Novelty and the obvious. Stating the obvious, is a novelty in itself sometimes, and we often laugh when someone does it. But just as often there is a truth in the obvious that we avoid approaching but is powerful when we do.
At least two teams produced the obvious, made us laugh, and made us all ask “why didn’t we think of that?!”
Stuck. Without fail every team got stuck somewhere. An idea, the market, a team member, team dynamics, an implementation, the message, the permutations are endless. Every team seemed surprised that they had got stuck, and every mentor smiled.
Working through the stuck is what starting up is all about.
Opposite inputs. A subset of stuck, every team had to wrestle with the opposites. Team members, markets or mentors (or a combination of all three) giving opposing inputs. Teams had to absorb and decide which input was best suited to their goal at that given point in time. This was fun to watch.
Having negotiated their way through team building, cold calling, active (constructive) criticism, little sleep, much frustration. The pressure comes to a peak for the big pitch on Sunday night.
This isn’t a thirty second “hey this is my idea” this is the full blown five minutes in an auditorium, in front of a hundred of your peers, your friends, your mentors and the judges. This is pedal to metal and it’s the first time for most to ever publicly speak. Pressure!
And we are blown away!
Not a person in the theatre wanted anyone to do anything less than their level best. Hearts were pounding, breaths were held.
Absolutely every single speaker and team rose to the occasion and took it head on. Pitch after pitch (with some rather thunderous applause) was nailed.
You know you’re hitting home when the judges are asking for feature requests.
No one envied the judges Veronica Harwood-Stevenson, John Holt and Stephen Cummins task of trying to sift so many wonderful teams and ideas into some kind of hierarchy. In the end they had to add in a fourth place and a couple of (very well deserved) rising stars to get things in order.
Much applause, quite a few tears of joy, huge amounts of relief and (for those inclined) a very long night of celebration ensued.
If the teams think it’s hard work, wait until they try organising and facilitating one of these events. It’s a large organisational slog that begins months before, peaks for an intense 54 hours and then whiplashes into the event windup. Why would you want to do all that work of facilitating instead of just participating?
In his beautifully laconic way Dave Moskovitz summed it up with a single word “Naches.”
A Hebrew word, it’s the complete opposite of schadenfreude.
Naches is the joy you get from seeing others succeed.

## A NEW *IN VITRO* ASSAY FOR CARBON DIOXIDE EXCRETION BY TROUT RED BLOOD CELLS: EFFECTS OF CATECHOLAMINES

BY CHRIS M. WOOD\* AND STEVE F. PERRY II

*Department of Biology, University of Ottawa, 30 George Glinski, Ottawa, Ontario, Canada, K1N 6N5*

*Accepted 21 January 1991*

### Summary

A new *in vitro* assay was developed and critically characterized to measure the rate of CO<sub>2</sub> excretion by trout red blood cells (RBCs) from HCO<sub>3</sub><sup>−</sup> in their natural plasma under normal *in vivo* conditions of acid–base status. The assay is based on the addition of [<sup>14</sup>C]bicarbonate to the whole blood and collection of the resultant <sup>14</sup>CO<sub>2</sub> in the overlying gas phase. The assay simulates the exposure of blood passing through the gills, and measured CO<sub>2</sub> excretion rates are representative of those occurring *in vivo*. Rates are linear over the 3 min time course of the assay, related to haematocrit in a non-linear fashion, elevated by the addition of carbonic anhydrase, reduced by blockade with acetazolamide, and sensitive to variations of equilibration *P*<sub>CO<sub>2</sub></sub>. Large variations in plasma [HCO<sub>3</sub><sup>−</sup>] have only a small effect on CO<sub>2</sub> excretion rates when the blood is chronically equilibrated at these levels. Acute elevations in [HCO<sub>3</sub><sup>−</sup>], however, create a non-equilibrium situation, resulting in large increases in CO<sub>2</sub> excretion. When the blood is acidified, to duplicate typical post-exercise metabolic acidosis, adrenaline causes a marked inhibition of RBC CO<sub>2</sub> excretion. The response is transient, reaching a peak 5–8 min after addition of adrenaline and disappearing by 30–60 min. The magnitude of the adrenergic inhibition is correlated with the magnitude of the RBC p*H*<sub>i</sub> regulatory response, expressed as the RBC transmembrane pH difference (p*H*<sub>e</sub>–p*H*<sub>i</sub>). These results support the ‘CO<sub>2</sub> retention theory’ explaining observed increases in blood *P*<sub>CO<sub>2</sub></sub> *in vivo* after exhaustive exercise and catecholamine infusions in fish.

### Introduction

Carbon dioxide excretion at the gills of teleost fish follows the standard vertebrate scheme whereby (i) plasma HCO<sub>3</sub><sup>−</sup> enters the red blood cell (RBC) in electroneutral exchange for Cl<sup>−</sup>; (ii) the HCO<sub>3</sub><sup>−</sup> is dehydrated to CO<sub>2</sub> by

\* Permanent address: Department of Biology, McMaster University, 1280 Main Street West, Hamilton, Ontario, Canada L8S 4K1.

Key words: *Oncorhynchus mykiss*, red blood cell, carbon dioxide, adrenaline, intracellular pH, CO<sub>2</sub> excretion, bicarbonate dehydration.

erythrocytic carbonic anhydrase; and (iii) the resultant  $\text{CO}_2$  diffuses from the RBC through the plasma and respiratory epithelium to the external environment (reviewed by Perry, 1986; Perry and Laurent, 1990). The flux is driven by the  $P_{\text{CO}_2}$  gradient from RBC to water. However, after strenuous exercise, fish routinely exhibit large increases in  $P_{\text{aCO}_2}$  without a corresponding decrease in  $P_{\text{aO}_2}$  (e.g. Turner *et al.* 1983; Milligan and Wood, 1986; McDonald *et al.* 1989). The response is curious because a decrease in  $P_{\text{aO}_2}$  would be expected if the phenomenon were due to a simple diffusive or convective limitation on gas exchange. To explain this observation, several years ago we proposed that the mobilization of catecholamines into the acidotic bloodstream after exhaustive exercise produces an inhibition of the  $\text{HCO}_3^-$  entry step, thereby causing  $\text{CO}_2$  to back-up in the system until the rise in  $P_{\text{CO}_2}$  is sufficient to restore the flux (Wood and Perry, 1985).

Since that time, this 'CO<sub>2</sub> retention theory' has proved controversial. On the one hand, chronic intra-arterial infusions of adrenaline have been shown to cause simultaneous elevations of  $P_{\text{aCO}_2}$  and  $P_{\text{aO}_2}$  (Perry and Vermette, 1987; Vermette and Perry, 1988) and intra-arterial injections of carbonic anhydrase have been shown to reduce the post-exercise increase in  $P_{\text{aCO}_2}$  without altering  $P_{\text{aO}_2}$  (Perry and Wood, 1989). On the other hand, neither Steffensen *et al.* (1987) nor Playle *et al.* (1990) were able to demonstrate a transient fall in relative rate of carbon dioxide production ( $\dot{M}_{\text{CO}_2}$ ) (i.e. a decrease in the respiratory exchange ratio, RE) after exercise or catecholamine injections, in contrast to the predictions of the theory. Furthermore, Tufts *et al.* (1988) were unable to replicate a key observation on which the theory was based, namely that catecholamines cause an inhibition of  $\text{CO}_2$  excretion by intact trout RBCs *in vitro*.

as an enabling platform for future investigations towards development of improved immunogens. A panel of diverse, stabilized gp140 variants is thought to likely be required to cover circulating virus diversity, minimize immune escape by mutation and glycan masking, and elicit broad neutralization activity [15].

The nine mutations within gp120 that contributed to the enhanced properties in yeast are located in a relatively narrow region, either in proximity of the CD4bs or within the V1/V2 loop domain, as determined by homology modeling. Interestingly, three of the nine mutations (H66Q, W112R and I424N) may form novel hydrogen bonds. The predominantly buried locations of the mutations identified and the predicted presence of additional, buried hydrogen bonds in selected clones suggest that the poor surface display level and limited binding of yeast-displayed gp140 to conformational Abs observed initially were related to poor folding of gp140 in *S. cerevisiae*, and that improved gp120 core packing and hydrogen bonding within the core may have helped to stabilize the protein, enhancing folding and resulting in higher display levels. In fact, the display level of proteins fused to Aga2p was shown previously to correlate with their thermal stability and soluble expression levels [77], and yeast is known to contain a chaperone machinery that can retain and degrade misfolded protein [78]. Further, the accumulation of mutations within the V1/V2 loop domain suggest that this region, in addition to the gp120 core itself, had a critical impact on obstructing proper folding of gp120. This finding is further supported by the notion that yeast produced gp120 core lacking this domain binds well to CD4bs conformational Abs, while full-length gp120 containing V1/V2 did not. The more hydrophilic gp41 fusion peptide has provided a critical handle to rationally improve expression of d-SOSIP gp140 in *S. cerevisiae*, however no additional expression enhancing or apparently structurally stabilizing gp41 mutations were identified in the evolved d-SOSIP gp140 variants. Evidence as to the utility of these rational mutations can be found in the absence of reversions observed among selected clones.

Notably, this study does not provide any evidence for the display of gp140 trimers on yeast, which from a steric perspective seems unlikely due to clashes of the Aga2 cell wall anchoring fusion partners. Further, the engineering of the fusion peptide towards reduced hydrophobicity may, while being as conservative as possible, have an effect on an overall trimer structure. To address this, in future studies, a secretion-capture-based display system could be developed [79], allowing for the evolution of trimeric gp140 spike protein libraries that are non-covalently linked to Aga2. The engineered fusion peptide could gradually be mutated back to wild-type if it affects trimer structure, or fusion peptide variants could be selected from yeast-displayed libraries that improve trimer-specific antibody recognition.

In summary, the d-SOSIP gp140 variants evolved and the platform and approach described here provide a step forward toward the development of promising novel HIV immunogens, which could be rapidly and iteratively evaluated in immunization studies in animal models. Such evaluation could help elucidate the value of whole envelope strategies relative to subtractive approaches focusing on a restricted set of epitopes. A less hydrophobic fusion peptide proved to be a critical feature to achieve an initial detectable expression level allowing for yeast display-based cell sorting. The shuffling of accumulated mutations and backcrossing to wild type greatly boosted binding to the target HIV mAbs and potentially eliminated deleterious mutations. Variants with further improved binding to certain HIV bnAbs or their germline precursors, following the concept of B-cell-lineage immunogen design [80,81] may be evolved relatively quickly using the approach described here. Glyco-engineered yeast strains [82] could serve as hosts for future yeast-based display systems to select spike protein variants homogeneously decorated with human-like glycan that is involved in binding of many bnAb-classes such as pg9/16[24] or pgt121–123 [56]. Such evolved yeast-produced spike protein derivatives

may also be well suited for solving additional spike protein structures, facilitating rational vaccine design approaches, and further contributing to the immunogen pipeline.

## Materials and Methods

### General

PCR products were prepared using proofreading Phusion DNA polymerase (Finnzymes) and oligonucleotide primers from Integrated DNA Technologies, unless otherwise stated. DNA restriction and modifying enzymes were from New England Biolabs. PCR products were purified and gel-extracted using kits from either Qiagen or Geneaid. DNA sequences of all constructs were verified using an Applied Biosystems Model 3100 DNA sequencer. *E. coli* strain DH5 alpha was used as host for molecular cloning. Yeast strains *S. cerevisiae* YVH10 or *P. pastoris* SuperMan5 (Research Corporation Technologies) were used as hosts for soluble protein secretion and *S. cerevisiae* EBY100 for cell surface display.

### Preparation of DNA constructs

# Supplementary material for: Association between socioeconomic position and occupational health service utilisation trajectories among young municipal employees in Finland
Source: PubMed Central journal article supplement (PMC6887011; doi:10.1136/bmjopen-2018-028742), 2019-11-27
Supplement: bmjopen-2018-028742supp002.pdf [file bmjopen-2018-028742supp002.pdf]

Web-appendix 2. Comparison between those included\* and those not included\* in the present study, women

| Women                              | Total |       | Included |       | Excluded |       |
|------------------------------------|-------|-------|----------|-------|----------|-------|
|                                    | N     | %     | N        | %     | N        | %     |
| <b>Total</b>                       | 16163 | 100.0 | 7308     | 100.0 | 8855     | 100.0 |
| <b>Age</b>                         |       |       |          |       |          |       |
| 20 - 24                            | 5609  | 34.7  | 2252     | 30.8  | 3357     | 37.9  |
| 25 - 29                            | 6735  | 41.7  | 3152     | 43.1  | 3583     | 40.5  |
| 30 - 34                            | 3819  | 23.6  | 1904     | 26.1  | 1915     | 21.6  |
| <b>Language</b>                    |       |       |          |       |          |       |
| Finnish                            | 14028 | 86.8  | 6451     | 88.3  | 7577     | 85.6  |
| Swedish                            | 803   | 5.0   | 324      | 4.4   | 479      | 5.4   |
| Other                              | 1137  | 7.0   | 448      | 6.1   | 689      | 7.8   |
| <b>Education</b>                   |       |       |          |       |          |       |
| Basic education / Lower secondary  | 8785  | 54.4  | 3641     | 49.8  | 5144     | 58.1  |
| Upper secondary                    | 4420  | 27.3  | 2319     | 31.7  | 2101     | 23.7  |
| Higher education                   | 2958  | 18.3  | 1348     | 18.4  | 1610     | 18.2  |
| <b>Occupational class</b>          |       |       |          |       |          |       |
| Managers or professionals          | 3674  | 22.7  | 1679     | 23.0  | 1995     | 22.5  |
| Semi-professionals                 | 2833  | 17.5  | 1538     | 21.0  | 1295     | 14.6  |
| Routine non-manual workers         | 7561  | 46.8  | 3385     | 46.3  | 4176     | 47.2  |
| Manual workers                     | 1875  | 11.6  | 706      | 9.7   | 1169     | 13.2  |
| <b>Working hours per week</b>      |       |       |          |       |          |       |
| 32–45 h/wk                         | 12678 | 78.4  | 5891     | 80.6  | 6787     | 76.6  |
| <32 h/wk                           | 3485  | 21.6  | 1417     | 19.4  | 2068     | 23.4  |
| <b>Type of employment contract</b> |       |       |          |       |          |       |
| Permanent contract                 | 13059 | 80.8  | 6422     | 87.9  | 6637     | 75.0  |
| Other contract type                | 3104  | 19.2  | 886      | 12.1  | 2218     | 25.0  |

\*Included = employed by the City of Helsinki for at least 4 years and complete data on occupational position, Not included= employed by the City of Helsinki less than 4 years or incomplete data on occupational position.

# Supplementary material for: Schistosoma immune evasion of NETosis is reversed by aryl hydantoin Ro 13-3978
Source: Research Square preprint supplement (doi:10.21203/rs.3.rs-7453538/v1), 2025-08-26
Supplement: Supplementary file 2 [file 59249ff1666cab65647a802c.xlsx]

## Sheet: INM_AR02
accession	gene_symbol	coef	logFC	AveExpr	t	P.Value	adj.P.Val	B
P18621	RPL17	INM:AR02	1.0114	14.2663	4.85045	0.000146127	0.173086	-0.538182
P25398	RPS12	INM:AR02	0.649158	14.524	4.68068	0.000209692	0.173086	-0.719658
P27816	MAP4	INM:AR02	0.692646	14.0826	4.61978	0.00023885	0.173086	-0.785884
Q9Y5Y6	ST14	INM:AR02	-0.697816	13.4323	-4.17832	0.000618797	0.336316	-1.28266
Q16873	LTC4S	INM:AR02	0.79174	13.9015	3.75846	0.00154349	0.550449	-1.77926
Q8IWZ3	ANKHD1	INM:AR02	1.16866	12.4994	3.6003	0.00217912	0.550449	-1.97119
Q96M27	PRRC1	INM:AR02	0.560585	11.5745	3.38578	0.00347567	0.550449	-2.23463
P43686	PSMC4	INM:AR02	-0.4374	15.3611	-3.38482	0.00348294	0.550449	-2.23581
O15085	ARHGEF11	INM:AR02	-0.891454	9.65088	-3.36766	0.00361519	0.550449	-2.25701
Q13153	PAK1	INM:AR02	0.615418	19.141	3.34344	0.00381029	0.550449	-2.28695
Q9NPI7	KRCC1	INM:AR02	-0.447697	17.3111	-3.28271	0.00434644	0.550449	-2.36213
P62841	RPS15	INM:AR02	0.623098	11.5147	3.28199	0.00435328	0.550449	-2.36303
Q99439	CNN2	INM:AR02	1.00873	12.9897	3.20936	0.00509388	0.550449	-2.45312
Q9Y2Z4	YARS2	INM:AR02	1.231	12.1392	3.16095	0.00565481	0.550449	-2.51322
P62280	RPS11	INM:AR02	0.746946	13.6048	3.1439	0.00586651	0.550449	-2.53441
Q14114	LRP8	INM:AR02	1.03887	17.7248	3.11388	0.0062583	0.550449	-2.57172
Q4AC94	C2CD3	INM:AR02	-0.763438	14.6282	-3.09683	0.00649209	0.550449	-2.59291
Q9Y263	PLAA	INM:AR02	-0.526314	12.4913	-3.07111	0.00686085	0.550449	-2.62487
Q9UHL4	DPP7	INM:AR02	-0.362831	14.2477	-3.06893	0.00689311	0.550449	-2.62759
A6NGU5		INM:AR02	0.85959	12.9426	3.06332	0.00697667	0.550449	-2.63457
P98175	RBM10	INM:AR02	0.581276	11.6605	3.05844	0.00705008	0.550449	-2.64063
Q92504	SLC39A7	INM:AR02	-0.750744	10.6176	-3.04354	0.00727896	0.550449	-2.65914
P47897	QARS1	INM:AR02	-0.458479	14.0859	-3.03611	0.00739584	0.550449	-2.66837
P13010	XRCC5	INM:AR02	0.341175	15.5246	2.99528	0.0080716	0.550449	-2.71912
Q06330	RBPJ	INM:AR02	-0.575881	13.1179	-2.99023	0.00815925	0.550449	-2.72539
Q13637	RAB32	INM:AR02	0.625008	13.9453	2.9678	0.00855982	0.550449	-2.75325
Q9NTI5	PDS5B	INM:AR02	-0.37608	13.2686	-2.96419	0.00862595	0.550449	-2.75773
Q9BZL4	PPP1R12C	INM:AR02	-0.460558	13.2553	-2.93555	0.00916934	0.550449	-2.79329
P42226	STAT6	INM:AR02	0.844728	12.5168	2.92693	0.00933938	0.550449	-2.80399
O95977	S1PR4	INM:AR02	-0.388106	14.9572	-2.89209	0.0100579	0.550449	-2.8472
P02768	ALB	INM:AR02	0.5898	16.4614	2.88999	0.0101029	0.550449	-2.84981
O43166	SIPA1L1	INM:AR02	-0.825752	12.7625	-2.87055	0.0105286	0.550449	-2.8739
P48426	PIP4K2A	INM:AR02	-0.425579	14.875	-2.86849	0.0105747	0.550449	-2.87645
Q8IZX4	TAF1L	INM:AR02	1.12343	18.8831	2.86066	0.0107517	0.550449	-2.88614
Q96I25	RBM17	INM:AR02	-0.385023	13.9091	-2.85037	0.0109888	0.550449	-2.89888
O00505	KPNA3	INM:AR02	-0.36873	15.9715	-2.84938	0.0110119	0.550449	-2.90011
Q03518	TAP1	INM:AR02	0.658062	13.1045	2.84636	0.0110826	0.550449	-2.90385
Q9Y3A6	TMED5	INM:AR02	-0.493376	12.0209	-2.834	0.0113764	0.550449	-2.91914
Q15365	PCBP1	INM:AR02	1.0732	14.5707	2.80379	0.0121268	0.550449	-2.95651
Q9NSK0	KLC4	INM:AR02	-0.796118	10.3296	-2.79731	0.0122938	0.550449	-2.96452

It’s this kind of joy that attracts the right kind of people and why those people are such powerful community builders.
Startup Weekends are in marketing speak “the top of the funnel” they’re often peoples first exposure to startup entrepreneurialism and they send ripples throughout the community. They are fabulous, they compress a lot of genuine project based learning into a very short amount of time.
Never underestimate the power of community builders riding on a wave of naches.
A great place to find out when the next Startup Weekend will be happening is to subscribe to the Startup Digest NZ newsletter (follow the link).
Absolutely do make the effort to get along to your next Startup Weekend.
Startup Weekend International
Startup Weekend Wellington
Startup Digest New Zealand
- A massive thanks to Travis, Claire, Casey and Henna for putting up with me and putting me up.
- Kieth Shering has the best job title.
- Shannon Wray has the best housing solution.
- Mandy Simpson takes her coffee very seriously and it was much appreciated that she wouldn’t accept any lowering of standards.
- Marwan Jamal is working on his PhD so let’s all ask him when will it be finished? (note: don’t ask someone when their PhD will be finished).
- Don’t pick a fight with Georgia McConnon, you won’t win. She was seen carrying the entire weekends kitchen supplies in one hand while talking on the phone with the other.
- Michaela Hing is most likely to become CEO of ANZ, before she does a reverse takeover of HSBC.
- Don’t get between Lilia Alexander and her camera. She will make you look wonderful.
- Travis Cornwall should be considering TV.
- Casey Davies-Bell should have bought his puppy along.
- Ryan Walker should be in comedy.
- Lingy Au is the only person who can run an entire Startup Weekend in Germany with only one word of German.
- Brandon Kwong, you will be missed.
- Never play paper, scissors, rock with Katherine Blaney.
- Be very careful slipping out to lunch with Dan Khan.
- Be very very careful celebrating with all of the above afterwards (5:00am finishes are harsh).
- A big shout out to the companies and organisations that sponsor these events. Wellington was sponsored by Amazon Web Services (AWS), Raygun, Angel HQ, Storypark, Sharesies, Victoria University of Wellington, NZ Entrepreneur Magazine, Coffee Supreme and SkinnyFizz.
- Apologies for any omissions. I didn’t take the notes I should have.
Postscript: After writing the above I got to wondering (I’m probably showing my ignorance so correct me if I’m missing something). What happens after? These weekends create some genuinely good teams and ideas, where do they go next?
Are they being followed up on?
Are there channels that are readily available to provide ongoing assistance?
Are there other entry level activities that run throughout the year that provide the same kinds of learning and mentoring?
Would something like this fit into a high school curriculum?
If you have some ideas or answers on any of the above, let me know.